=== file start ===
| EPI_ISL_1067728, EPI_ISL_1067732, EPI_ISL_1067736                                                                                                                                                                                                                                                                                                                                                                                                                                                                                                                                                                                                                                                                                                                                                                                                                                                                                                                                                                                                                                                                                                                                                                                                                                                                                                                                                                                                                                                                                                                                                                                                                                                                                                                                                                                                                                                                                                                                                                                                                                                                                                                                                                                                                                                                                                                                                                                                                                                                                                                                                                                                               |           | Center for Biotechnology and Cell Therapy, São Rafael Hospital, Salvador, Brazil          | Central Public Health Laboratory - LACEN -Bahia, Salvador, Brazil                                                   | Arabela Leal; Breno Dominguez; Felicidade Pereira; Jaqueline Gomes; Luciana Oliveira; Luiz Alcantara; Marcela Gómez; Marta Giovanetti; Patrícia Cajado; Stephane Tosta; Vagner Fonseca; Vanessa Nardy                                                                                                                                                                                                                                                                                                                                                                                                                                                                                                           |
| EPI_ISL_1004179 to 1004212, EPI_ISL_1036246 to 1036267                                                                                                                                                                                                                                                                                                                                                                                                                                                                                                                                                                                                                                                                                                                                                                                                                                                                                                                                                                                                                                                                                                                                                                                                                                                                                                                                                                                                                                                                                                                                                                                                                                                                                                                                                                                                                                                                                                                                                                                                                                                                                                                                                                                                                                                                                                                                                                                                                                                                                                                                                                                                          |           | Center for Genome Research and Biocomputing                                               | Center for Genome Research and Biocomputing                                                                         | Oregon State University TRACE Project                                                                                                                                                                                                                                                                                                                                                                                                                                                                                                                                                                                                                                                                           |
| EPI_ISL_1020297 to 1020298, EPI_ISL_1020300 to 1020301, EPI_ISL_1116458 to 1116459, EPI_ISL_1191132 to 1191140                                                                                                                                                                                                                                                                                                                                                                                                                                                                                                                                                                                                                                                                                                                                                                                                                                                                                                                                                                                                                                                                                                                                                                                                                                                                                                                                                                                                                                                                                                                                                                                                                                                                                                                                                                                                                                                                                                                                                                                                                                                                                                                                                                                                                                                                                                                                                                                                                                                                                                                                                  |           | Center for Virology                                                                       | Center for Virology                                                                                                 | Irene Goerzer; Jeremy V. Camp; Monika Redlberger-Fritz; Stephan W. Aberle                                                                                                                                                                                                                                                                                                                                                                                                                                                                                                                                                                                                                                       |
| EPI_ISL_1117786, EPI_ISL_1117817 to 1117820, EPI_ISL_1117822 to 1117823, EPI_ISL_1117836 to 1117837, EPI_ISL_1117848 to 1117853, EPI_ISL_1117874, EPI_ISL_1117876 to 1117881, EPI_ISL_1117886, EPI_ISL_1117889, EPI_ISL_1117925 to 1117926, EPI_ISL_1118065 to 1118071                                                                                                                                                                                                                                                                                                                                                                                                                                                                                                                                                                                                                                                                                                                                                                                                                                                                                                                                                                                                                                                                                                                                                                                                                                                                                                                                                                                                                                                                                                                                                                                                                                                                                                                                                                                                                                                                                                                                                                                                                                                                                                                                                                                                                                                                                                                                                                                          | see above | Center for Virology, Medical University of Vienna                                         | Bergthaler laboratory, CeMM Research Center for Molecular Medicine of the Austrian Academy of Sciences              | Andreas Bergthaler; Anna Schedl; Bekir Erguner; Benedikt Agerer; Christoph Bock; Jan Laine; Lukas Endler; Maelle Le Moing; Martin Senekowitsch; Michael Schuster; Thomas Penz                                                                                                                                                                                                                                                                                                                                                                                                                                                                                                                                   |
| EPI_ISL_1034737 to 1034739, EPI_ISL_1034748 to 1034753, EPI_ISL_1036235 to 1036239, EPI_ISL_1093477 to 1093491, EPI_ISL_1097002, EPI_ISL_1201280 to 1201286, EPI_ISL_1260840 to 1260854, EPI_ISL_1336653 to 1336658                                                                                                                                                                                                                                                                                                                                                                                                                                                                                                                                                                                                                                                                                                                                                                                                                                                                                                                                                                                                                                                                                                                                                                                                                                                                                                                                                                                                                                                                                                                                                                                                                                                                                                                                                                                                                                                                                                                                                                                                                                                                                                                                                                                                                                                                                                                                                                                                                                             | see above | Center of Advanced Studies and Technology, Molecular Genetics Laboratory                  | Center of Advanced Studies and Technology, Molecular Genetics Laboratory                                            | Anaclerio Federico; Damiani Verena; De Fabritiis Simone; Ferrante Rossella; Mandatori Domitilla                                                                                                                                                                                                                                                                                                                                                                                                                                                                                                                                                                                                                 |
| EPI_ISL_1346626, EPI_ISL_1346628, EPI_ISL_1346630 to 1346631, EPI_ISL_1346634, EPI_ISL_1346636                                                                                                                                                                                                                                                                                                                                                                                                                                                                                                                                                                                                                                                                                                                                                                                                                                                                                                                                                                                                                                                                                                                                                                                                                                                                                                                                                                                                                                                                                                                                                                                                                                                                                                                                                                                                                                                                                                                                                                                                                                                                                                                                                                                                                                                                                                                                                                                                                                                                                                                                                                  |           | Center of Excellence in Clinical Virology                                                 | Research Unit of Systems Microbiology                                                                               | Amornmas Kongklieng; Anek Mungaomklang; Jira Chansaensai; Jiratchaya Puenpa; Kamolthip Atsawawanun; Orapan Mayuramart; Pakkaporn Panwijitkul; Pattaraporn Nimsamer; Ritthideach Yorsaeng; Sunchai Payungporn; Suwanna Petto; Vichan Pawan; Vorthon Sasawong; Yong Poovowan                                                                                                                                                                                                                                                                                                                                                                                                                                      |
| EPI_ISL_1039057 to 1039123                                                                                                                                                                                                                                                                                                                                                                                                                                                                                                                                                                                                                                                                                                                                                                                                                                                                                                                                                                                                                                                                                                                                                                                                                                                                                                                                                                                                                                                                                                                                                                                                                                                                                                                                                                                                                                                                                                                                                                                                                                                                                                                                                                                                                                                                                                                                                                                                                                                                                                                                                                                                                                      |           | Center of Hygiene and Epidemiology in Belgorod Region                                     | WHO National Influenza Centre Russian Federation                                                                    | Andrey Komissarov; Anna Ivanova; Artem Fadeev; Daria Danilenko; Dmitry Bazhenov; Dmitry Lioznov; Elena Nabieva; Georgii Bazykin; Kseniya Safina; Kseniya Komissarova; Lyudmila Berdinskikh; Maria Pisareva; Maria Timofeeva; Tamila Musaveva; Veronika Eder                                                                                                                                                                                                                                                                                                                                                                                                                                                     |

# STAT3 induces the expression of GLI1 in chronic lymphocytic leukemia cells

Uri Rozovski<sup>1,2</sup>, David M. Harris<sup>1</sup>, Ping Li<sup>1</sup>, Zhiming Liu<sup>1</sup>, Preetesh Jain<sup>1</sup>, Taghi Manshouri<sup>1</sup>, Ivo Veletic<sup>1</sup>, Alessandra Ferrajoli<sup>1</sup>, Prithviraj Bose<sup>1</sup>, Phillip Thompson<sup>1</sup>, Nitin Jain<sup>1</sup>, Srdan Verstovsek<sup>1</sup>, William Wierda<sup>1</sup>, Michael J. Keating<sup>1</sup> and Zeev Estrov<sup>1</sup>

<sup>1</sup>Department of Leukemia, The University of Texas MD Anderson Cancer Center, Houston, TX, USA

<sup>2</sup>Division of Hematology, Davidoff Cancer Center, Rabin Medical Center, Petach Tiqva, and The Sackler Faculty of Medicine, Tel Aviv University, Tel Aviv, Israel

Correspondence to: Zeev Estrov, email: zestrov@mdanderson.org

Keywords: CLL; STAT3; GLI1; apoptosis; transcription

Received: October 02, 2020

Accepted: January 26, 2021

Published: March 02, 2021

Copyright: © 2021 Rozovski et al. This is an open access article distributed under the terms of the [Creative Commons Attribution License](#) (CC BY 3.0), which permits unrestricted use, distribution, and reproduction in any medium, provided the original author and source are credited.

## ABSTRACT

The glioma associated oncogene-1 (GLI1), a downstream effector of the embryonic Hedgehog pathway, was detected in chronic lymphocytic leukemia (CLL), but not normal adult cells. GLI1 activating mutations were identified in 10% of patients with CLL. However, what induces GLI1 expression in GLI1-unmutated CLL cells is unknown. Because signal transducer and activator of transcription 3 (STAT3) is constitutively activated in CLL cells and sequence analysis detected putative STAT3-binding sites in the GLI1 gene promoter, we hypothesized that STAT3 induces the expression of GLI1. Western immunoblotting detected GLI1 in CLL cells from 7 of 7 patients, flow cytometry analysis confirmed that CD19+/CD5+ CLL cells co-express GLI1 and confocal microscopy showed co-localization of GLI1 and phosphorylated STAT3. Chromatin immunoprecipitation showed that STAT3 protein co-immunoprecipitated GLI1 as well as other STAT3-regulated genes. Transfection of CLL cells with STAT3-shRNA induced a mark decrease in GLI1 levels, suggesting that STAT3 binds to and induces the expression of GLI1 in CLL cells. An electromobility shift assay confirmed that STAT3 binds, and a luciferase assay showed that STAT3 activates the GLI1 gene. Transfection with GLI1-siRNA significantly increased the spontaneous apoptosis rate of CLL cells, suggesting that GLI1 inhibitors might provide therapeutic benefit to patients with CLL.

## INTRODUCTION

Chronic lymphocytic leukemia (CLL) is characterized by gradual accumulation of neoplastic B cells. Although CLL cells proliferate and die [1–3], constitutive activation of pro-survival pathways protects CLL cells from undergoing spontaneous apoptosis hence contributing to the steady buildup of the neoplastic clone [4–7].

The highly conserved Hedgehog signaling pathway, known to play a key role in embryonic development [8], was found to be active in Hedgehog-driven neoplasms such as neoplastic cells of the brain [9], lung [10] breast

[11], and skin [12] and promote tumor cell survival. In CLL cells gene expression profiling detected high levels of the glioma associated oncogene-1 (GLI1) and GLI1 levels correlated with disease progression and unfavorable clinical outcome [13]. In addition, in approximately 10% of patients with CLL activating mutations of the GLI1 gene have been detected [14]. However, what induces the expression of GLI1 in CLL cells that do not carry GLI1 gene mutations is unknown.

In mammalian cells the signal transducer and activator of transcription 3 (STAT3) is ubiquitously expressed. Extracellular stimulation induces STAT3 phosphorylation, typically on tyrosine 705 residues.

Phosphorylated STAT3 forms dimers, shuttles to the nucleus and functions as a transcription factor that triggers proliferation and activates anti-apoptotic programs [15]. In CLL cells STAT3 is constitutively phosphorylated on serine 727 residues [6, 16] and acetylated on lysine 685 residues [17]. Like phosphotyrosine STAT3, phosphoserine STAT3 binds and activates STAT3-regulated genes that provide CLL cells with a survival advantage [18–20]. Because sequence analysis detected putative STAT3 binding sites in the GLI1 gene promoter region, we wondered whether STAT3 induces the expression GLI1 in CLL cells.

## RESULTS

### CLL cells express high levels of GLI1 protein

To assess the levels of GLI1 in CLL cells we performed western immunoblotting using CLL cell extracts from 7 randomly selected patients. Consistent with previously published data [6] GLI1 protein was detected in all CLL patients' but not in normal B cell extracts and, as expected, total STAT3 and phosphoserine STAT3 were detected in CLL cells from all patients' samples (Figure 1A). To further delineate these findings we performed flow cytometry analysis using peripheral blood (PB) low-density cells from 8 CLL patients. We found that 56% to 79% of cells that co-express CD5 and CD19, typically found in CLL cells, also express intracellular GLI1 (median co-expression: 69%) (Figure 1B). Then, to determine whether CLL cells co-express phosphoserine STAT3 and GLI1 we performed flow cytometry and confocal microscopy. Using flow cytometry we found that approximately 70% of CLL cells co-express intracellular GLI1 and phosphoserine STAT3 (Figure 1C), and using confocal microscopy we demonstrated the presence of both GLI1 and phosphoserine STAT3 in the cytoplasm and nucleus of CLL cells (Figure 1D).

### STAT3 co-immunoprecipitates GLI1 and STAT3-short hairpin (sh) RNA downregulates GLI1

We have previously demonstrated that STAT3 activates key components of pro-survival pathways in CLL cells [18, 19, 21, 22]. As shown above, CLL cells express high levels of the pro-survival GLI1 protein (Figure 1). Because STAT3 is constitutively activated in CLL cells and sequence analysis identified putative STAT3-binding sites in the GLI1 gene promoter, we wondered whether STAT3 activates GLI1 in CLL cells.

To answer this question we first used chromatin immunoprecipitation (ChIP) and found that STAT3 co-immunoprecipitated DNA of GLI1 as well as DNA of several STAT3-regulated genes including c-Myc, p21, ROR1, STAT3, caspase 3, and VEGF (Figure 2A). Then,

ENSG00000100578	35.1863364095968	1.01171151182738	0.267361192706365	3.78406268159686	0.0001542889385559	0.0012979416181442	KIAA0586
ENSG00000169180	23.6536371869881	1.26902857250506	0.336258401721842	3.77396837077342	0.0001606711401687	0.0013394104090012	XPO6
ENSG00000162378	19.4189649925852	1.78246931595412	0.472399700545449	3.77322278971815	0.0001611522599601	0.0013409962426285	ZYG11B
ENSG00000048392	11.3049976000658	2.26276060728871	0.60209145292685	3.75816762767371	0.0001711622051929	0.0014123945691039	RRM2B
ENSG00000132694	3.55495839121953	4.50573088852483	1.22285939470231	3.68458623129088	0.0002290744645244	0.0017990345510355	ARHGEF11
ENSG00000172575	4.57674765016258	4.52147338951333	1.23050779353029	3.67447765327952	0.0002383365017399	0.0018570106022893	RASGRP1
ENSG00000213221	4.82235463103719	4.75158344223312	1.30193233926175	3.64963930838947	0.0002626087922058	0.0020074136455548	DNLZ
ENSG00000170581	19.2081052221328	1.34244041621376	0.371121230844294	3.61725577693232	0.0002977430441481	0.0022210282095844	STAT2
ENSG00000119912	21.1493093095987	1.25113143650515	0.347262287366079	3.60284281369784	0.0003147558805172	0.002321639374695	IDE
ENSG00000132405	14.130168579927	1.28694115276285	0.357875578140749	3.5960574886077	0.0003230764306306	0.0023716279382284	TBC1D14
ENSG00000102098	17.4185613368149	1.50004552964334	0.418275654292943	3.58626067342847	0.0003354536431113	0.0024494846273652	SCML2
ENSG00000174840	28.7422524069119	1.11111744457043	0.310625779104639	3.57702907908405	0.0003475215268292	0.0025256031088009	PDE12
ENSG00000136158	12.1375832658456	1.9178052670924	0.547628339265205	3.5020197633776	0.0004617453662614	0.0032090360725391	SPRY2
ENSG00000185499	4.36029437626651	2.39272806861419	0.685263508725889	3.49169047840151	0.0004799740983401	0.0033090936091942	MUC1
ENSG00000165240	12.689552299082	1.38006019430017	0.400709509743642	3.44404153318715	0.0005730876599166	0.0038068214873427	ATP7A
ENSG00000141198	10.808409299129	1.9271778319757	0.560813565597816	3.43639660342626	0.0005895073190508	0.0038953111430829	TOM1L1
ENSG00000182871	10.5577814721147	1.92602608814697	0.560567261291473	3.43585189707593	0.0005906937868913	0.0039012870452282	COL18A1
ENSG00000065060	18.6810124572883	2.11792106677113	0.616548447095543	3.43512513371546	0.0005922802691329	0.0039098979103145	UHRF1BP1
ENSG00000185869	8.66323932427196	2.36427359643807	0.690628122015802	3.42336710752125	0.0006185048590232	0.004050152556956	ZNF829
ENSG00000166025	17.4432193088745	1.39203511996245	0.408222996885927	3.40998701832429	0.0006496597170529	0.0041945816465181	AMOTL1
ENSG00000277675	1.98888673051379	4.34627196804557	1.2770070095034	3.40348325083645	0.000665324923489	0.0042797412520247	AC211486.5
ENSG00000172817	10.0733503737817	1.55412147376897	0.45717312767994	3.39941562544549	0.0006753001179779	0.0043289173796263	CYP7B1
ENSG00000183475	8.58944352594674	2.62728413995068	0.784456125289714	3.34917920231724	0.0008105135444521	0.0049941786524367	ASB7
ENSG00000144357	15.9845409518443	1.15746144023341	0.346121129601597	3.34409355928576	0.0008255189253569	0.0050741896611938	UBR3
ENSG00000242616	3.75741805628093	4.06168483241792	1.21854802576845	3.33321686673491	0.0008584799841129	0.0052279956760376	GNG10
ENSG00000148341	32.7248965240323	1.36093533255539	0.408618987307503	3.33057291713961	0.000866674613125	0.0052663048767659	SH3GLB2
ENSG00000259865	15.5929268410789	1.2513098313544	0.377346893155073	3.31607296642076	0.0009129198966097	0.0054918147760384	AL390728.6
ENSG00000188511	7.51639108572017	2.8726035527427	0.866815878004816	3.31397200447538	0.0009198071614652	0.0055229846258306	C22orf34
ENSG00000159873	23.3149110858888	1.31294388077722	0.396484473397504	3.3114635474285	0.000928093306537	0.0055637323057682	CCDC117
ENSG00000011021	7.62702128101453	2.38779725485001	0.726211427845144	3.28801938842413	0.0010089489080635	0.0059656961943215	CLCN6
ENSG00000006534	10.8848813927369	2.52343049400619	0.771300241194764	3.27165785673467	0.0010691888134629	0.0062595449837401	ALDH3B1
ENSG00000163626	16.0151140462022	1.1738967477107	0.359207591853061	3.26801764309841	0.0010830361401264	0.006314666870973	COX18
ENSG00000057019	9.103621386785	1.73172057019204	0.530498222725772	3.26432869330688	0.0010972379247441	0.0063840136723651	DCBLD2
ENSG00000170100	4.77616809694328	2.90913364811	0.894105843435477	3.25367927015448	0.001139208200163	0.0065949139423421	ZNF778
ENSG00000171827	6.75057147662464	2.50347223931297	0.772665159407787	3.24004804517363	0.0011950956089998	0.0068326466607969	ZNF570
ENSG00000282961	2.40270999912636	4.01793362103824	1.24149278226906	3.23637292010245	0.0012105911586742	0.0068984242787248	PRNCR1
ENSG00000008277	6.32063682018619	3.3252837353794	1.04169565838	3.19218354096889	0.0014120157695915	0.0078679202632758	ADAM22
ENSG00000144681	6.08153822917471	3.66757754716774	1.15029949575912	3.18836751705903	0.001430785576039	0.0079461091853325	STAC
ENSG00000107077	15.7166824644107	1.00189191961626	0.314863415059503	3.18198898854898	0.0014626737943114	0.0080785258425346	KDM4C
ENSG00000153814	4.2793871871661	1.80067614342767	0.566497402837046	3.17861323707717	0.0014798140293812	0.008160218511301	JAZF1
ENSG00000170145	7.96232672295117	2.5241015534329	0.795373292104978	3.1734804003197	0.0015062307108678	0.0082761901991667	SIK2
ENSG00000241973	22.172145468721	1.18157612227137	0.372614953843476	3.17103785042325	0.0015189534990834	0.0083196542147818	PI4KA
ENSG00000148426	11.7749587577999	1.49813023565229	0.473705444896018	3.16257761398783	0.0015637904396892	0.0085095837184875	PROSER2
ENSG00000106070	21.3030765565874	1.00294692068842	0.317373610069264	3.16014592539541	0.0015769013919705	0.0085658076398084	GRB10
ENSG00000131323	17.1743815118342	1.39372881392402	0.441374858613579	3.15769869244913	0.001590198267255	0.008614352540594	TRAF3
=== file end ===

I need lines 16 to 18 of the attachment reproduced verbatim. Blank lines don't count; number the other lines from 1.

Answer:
Published: March 02, 2021

Copyright: © 2021 Rozovski et al. This is an open access article distributed under the terms of the [Creative Commons Attribution License](#) (CC BY 3.0), which permits unrestricted use, distribution, and reproduction in any medium, provided the original author and source are credited.

## ABSTRACT